The benefit of an invisible illness is that you can choose to keep it hidden, no-one else has to know unless you wish to tell them. The down side is, if people assume I’m ok, I do not get the help and support I need.

The stigma and discrimination experienced by someone with an invisible illness is due to lack of understanding and awareness that the illness exists, the assumption is, if you look normal, surely you should just get on with life?

The stigma and discrimination experienced by someone with an obvious illness is due to people making inaccurate judgements about something they think they understand but the reality is they do not understand at all.

Why do we place so much importance on appearance? We need to stop judging a book by its cover. Just because I look “normal” don’t assume I can just get on with life; if I look different, don’t assume I’m not capable.


Is it a diagnosis, a label or an identity?

I’ve had a number of conversations over the years about the language used around mental illness – it’s complicated matter, made more complicated by people not knowing the power behind their words.

“I am not my illness”

I’ve had a gentleman with schizophrenia say they detest being called “schizophrenic”, explaining this by saying “you would not say someone is a cancer”. However, we are not saying he “is schizophrenia”, we would be saying he “is schizophrenic” just like we say someone “is diabetic”. However, I think what he was trying to express was that he is not his illness, he did not identify with his illness, he did not want to be labelled in this way and this is to be respected.

Even professionals use words derogatorily

If I said someone “is diabetic” I would not have any opinion or judgement on their personality or any other characteristics. However, I recently heard a paramedic say this patient “is schizophrenic” with so much power, bitterness and judgement, I could tell he was casting aspersions on this person’s character. I had presented my service users as a “56 year old gentleman with [a number of medical complaints] and schizophrenia” as information that may lead to conclusions about the current presenting complaint. While one person may be able to say someone “is schizophrenic” without any preconceived judgements, this paramedic was not one of them. Stigma in society is so strong, but it’s people who are being stigmatised that suffer, those doing the stigmatising don’t realised a subtle language change could have a powerful impact. With this small change, a person is not labelled as their illness but someone who has an illness.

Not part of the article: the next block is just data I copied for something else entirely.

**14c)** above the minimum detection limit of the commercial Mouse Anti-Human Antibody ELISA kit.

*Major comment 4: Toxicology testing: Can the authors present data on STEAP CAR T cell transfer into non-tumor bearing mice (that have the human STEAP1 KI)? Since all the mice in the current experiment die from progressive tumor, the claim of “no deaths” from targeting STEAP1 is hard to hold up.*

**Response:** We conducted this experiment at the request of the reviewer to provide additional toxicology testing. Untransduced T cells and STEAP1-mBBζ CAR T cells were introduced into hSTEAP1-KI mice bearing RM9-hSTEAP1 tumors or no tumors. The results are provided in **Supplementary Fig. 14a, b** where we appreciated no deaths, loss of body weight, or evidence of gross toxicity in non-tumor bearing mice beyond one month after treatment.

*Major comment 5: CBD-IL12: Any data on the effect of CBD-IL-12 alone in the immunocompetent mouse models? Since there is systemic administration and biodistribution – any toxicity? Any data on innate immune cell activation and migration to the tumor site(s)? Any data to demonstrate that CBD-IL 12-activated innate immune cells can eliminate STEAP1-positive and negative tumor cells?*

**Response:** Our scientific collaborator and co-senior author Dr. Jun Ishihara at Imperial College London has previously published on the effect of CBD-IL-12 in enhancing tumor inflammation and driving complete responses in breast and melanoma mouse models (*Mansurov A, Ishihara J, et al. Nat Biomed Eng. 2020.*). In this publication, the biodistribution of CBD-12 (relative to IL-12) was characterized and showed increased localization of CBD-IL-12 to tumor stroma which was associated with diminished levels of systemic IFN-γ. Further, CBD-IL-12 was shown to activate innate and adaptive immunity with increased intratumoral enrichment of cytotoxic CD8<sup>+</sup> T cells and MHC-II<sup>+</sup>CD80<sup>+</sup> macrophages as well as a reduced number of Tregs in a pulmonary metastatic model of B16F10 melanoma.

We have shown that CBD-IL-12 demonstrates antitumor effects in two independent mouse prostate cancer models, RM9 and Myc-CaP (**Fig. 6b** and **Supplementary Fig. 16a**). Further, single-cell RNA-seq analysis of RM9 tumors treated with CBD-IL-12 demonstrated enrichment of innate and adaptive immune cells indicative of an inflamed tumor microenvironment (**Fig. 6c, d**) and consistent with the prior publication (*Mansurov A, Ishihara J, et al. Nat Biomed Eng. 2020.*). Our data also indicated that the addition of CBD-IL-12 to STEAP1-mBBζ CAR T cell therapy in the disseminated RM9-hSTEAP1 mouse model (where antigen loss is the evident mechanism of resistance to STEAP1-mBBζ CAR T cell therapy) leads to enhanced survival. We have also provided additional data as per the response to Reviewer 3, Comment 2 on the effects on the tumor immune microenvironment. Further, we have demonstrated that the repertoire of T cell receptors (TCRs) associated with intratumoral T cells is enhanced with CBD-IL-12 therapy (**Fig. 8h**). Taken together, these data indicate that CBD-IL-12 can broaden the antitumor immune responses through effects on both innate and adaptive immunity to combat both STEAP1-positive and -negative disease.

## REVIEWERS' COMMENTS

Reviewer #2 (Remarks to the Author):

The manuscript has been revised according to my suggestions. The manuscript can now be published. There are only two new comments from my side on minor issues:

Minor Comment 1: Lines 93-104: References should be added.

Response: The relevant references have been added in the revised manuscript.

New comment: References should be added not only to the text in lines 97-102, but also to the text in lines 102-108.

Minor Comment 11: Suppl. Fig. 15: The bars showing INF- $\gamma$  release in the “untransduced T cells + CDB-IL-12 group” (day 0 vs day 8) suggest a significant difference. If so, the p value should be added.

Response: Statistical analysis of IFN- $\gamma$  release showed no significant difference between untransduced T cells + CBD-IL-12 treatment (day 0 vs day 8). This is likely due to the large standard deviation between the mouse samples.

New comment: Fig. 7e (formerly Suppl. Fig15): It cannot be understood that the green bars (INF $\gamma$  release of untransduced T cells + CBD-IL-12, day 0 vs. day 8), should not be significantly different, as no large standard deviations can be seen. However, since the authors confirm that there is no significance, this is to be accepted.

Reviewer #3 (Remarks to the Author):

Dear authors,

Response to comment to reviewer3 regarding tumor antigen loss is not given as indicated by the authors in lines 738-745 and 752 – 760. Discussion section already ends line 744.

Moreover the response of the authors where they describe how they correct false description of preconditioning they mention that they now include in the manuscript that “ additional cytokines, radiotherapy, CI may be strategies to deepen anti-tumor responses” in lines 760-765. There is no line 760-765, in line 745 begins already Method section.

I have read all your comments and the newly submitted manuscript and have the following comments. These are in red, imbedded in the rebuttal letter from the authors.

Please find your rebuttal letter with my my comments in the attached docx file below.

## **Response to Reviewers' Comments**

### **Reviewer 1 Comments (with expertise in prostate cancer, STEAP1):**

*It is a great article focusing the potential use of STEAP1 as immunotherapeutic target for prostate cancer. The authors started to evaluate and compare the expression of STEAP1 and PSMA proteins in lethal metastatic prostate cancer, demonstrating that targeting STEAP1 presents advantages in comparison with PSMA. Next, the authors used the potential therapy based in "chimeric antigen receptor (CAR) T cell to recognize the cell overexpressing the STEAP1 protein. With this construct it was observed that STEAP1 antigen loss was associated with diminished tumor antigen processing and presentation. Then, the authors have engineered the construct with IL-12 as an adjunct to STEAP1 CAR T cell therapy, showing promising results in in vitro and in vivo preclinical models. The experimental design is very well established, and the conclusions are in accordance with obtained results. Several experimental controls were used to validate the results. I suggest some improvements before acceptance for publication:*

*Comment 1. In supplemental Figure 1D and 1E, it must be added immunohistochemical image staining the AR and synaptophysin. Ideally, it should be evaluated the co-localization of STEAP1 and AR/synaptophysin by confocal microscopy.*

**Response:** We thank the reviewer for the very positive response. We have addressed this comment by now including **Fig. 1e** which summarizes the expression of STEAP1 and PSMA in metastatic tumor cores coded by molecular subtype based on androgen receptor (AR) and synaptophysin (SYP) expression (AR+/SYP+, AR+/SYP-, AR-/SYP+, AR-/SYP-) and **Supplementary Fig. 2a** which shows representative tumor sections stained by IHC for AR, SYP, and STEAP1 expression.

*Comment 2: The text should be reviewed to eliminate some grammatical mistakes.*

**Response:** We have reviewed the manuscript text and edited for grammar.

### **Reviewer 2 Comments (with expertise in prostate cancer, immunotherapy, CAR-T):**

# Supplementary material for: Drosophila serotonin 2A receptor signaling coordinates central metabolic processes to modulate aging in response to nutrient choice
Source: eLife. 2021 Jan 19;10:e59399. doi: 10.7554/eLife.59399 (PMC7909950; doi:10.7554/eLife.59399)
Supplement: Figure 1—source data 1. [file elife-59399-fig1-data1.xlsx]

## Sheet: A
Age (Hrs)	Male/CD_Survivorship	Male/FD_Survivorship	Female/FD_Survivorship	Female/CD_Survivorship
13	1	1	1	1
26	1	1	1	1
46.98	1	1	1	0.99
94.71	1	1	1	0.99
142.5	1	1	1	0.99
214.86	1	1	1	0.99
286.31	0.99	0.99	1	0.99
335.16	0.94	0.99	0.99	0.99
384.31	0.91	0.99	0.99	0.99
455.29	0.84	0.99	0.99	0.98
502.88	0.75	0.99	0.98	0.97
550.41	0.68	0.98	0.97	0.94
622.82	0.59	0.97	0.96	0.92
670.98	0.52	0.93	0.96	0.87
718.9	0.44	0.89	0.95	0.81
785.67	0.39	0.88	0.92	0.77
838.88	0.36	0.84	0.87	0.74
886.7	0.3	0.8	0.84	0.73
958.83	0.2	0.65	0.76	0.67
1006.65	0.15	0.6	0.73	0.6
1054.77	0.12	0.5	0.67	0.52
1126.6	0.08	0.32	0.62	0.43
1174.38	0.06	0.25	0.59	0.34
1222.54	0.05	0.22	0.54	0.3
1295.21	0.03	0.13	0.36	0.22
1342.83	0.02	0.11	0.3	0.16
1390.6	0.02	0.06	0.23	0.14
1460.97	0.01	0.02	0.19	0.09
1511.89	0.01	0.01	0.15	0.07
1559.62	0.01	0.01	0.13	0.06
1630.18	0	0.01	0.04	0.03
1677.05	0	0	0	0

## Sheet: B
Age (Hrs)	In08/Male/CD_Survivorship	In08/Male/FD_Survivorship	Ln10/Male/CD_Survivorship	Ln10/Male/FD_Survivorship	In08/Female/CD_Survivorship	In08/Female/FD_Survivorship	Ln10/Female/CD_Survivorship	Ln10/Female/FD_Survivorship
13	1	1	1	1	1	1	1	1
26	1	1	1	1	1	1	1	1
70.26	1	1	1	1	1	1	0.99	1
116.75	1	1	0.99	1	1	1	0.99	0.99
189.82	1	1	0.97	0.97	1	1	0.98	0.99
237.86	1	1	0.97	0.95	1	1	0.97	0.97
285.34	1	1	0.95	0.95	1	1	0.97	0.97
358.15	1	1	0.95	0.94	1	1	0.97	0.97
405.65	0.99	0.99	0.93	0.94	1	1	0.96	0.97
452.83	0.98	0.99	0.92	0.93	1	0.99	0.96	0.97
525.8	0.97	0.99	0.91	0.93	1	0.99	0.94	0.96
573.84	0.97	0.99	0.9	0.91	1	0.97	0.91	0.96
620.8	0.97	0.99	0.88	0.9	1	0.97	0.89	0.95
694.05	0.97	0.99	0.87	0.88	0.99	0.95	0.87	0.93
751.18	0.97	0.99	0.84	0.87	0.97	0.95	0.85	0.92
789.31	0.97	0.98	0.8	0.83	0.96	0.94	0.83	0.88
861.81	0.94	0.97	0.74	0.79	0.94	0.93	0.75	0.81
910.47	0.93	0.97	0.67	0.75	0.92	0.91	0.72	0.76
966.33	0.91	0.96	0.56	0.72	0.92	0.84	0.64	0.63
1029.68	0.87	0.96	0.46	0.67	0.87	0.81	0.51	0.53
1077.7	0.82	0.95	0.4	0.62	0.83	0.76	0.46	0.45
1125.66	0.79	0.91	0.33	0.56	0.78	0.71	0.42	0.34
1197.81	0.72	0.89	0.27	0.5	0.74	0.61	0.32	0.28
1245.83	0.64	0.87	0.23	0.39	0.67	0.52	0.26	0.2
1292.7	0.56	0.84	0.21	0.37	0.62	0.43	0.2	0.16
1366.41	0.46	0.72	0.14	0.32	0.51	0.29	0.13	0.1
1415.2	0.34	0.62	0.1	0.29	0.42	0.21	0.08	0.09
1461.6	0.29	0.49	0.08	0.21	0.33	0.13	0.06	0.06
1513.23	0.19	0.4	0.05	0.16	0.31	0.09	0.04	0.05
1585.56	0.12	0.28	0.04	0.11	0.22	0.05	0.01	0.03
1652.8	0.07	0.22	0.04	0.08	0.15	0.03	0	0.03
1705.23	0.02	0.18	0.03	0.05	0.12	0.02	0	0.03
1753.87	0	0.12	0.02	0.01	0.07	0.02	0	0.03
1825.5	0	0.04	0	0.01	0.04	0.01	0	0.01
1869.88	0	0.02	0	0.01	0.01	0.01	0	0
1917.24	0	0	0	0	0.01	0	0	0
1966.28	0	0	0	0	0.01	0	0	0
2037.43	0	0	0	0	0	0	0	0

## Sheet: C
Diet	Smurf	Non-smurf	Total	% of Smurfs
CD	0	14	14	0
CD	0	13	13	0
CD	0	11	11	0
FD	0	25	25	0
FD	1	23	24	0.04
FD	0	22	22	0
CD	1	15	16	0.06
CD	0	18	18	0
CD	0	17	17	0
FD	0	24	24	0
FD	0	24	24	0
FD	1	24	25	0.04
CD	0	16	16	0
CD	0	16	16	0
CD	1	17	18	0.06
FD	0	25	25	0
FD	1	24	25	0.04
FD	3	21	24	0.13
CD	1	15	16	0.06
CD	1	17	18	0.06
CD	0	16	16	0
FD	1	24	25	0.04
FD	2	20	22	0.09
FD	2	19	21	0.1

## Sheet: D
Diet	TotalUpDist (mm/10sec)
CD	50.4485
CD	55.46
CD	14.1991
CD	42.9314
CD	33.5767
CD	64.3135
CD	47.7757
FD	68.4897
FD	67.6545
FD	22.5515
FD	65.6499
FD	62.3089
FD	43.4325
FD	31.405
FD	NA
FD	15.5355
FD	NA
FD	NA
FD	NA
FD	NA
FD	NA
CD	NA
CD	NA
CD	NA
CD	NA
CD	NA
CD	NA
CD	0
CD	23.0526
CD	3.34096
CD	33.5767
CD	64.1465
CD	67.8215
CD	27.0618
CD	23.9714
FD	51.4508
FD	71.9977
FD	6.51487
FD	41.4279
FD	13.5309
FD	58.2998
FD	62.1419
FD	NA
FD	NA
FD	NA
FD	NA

“I am more than my illness”

Mental illness can have a negative impact on one’s identity. When I was diagnosed with anorexia I could have let this be my identity… i could have felt, I am not Frances anymore, “I am anorexic”. I have seen people so consumed by their illness, they may as well say “I am anorexia” – I am not a person anymore, I am an illness. But I did not want to label myself in this way, although it was true I was “anorexic” I preferred to see myself as “a person with anorexia”, then my character and personality traits could exist alongside my illness. It has been proven that assumptions about what it means to be mentally ill such as incompetence and inadequacy (commonly held) will lead to a vicious cycle of impoverished sense of self and low self esteem, ceasing to try and work or fit into society and poorer psychosocial outcomes and sustained symptom severity. (Read the full article here.) It follows that, if you identify as your illness, you identify as incompetent and inadequate, whereas if you consider yourself to have an illness, you are not your illness, you can distance yourself from these negative characteristics.